The Cognitive Load of Interface Visuals

A couple days ago, I twittered a link about Microsoft My Phone’s new release, cringing openly over the use of typography in its phone app. Now, I’m by no stretch of the imagination a type designer or someone with a strong understanding of the many fine intricacies of typography and fonts, but I know enough to be able to tell when it’s the use of type that’s making me distress over an interface.

As I scrolled down on that page to see the screenshots of the associated web interface for MS My Phone, I was reminded of how cognitive load-heavy Microsoft’s Vista theme is, all by itself. This, in turn, brought back a memory of a friend of mine, the inimitable Rob Mientjes, who said to me after his first encounter with Vista’s interface:

If the devil is in the details, why is Microsoft putting tiny little devils all over their interface?

It’s something I agree with every time I see a screenshot of a Vista interface: the many little UI elements that are added to Vista’s Aero interface (in particular) are bountiful, far too bountiful for my taste. There’s a plethora of lines, glosses, redundancies (repeated messages as seen in this Copying Files dialog), panes, menus and buttons all occupying your mind every moment you use the interface. Even when you can adequately focus your attention to the specific interface element you’re dealing with, your mind will subconsciously perceive all the others, and this adds cognitive load.

Tantek Çelik wrote, exactly two years ago, about the Three Hypotheses of Human Interface Design. A central theme in it is the cognitive load generated by User Interface elements and the interactions you have to go through with each of them to accomplish a task.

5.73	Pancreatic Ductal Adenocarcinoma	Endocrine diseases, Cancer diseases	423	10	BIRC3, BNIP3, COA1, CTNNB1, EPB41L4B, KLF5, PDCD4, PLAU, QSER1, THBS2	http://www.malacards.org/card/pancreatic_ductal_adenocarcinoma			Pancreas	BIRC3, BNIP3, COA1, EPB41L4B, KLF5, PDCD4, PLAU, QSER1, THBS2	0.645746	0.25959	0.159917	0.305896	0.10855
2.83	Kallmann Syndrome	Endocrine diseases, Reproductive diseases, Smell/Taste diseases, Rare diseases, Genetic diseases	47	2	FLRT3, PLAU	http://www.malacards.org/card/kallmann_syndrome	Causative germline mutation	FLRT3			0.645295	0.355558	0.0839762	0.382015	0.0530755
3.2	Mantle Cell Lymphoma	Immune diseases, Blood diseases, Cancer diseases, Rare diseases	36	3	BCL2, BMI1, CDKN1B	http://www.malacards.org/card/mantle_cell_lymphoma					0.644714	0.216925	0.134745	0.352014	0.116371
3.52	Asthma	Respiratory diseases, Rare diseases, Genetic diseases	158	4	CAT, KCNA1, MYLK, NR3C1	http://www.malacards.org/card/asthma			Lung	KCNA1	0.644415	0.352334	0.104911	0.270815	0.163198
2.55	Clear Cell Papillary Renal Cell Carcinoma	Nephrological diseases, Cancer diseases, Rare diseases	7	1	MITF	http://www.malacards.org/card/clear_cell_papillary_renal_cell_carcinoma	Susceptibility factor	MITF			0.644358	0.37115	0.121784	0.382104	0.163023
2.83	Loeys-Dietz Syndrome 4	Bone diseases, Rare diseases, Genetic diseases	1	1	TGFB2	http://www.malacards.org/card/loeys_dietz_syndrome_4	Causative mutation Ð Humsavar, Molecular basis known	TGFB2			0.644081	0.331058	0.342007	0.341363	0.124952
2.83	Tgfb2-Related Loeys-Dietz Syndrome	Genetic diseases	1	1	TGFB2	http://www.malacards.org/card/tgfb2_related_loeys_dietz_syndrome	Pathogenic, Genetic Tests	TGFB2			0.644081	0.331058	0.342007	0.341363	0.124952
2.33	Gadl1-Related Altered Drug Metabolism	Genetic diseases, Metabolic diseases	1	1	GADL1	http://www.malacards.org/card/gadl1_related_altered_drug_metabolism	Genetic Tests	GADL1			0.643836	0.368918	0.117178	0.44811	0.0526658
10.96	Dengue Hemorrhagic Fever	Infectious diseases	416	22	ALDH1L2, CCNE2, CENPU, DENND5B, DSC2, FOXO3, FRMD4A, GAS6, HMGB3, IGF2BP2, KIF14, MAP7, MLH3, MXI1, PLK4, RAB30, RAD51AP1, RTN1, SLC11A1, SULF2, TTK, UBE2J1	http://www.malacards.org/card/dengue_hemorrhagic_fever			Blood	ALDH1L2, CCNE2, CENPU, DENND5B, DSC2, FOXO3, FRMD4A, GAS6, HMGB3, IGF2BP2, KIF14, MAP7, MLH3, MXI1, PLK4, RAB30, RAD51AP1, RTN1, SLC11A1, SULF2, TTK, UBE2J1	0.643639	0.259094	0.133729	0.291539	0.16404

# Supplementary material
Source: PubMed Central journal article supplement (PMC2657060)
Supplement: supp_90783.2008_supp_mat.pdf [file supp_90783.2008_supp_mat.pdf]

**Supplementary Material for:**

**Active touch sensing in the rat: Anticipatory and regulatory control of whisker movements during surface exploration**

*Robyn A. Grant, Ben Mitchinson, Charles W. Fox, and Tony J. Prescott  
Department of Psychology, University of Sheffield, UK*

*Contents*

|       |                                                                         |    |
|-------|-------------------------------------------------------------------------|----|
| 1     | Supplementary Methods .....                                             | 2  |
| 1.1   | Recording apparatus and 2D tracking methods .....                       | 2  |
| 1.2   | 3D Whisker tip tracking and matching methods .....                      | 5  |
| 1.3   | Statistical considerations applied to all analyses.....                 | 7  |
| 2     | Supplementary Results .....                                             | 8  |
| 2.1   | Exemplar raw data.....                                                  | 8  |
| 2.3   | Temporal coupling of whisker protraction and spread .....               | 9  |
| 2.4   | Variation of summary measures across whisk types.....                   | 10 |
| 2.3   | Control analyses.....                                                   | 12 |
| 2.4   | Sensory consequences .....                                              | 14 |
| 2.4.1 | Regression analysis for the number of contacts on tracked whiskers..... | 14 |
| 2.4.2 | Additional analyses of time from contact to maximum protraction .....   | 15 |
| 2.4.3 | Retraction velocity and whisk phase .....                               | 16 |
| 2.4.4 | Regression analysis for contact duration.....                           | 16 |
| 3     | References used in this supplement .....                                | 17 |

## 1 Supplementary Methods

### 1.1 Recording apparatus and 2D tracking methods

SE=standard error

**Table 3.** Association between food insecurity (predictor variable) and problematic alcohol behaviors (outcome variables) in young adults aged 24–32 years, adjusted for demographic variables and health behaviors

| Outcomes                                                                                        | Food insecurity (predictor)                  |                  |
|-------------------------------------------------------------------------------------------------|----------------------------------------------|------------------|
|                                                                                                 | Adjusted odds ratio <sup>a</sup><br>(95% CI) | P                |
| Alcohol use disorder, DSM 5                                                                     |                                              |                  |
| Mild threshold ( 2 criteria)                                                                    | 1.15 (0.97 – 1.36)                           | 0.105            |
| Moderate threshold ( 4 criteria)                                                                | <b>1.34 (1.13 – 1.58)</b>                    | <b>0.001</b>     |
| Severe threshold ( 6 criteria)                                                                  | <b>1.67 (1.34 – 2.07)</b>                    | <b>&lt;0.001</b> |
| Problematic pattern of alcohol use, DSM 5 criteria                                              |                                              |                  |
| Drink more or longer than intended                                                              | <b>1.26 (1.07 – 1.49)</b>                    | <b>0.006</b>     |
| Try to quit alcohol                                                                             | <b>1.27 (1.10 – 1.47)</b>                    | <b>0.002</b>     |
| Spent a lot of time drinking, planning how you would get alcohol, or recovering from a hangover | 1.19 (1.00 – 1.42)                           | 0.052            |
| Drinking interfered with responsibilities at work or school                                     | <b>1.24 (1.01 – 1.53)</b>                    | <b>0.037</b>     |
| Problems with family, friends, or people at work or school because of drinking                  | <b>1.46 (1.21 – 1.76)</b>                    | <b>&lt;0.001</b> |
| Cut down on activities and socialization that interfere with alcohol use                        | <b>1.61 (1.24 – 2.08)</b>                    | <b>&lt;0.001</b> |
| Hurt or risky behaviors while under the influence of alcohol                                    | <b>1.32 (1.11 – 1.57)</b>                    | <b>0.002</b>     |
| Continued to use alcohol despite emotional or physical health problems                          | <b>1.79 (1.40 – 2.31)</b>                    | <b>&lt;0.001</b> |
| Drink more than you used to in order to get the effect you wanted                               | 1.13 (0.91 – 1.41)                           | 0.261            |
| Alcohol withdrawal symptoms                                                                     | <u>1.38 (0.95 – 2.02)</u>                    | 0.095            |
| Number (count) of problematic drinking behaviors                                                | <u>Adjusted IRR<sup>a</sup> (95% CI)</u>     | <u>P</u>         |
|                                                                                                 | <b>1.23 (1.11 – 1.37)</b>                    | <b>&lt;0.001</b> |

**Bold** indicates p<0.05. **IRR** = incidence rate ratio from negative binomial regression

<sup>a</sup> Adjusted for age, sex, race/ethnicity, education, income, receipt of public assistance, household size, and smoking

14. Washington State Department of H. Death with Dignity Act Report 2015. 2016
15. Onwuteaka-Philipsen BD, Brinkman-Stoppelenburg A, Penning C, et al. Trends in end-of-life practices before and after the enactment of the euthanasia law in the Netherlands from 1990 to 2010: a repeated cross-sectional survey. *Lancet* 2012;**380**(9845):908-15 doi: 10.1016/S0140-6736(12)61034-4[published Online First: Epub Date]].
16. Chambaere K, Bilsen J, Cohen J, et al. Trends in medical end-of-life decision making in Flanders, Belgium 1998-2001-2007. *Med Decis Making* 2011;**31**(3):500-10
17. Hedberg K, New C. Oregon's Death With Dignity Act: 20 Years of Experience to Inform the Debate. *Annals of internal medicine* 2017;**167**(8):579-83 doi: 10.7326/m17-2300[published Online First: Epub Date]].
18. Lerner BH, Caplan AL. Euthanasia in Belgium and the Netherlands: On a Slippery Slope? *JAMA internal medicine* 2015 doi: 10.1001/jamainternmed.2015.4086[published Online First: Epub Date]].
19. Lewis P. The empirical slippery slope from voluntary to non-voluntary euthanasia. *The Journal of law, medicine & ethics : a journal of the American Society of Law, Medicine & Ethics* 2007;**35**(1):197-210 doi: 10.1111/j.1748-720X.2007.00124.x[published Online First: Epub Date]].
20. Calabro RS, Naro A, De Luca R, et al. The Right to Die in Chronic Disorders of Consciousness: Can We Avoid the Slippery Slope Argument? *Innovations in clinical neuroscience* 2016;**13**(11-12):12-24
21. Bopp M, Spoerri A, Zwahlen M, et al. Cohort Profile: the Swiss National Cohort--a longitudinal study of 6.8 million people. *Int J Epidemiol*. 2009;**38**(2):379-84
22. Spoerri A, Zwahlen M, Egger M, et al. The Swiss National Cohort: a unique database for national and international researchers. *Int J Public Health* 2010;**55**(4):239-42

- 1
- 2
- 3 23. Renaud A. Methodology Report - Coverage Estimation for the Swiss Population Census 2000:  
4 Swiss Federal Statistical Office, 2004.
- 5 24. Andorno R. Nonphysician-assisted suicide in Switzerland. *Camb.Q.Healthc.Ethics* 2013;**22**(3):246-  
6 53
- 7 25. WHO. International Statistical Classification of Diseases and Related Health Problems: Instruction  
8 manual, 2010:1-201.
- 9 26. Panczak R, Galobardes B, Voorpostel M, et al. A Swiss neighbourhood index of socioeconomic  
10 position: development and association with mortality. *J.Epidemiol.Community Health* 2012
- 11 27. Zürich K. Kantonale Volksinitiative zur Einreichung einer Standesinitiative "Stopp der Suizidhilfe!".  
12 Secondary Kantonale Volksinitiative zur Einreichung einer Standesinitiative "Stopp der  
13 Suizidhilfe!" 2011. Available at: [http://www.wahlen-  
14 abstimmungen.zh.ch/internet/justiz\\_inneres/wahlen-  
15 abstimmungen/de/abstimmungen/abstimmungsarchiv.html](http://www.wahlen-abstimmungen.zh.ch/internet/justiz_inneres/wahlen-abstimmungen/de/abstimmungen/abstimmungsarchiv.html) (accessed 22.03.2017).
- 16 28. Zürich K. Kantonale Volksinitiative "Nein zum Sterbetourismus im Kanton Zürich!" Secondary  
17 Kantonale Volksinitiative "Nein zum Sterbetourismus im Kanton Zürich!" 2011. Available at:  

But Çelik’s post limits itself to the interface elements and interactions, which, I think, is inconclusive when we’re talking about the cognitive load of a UI as a whole. You may point out that there’s copious amounts of discussion about design, graphic and visual interface design, and you’d be right. What’s not discussed as often, or as often as I’d like, is the cognitive load generated by visual design decisions for a user interface.

We’re constantly trying to create richer and richer experiences on the web, today: the plethora of Javascript libraries that add innumerable amounts of features is but one testament to this. What we need to be cautious about is in making the visual experience rich, but not too rich.

An example, one that I originally didn’t plan to use but turned out to be too good an example, is my good friend Bryan Veloso’s Avalonstar. Now, Bryan is one of my all-time favorite designers, an inspiration and incredibly talented in a variety of skill sets. His latest Avalonstar design, however, makes me look on in awe but it actually prevents me from navigating his site. I get on that front page and I just don’t know where to go, there’s so much going on (and so much beauty to behold). Despite that, I still consider it one of the most beautiful websites I’ve ever seen. [Update: Bryan has since redesigned; you can see the version I wrote this about on Flickr]

On the opposite end of the spectrum lies Daring Fireball: John may be the first to say he’s not a designer, but he has a great design sense nonetheless. What’s telling about DF, however, is that I actually prefer reading his blog on the site over reading it in a feed reader. It’s extremely minimal in design, but the net result is that I know exactly where to go: the content, which is the only thing drawing attention to itself.

Aside: one thing that’s particularly cognitive load-increasing and found on almost every big website out there is Flash banners. Their nauseatingly endless attempts to try and grab your attention aren’t just a matter of nuisance, they heavily increase the cognitive load of the UI as your mind now has to spend brainpower in suppressing these animations constantly, just to focus your attention to the content you’re there for.

Personally, I do like my flair in website design, coming from a more “graphics artist” kind of background than anything resembling a real “design” background, but it’s too easy to lose oneself in adding flair and visual richness to a website design. The key is not in adding richness to the design, but allowing the richness of the content to shine while adding no more around it than absolutely necessary.

Soon, I’ll have my own design finished and then will finally launch for real. Once I get there, I’ll talk more about this subject and how it has influenced my design process in making that new design.

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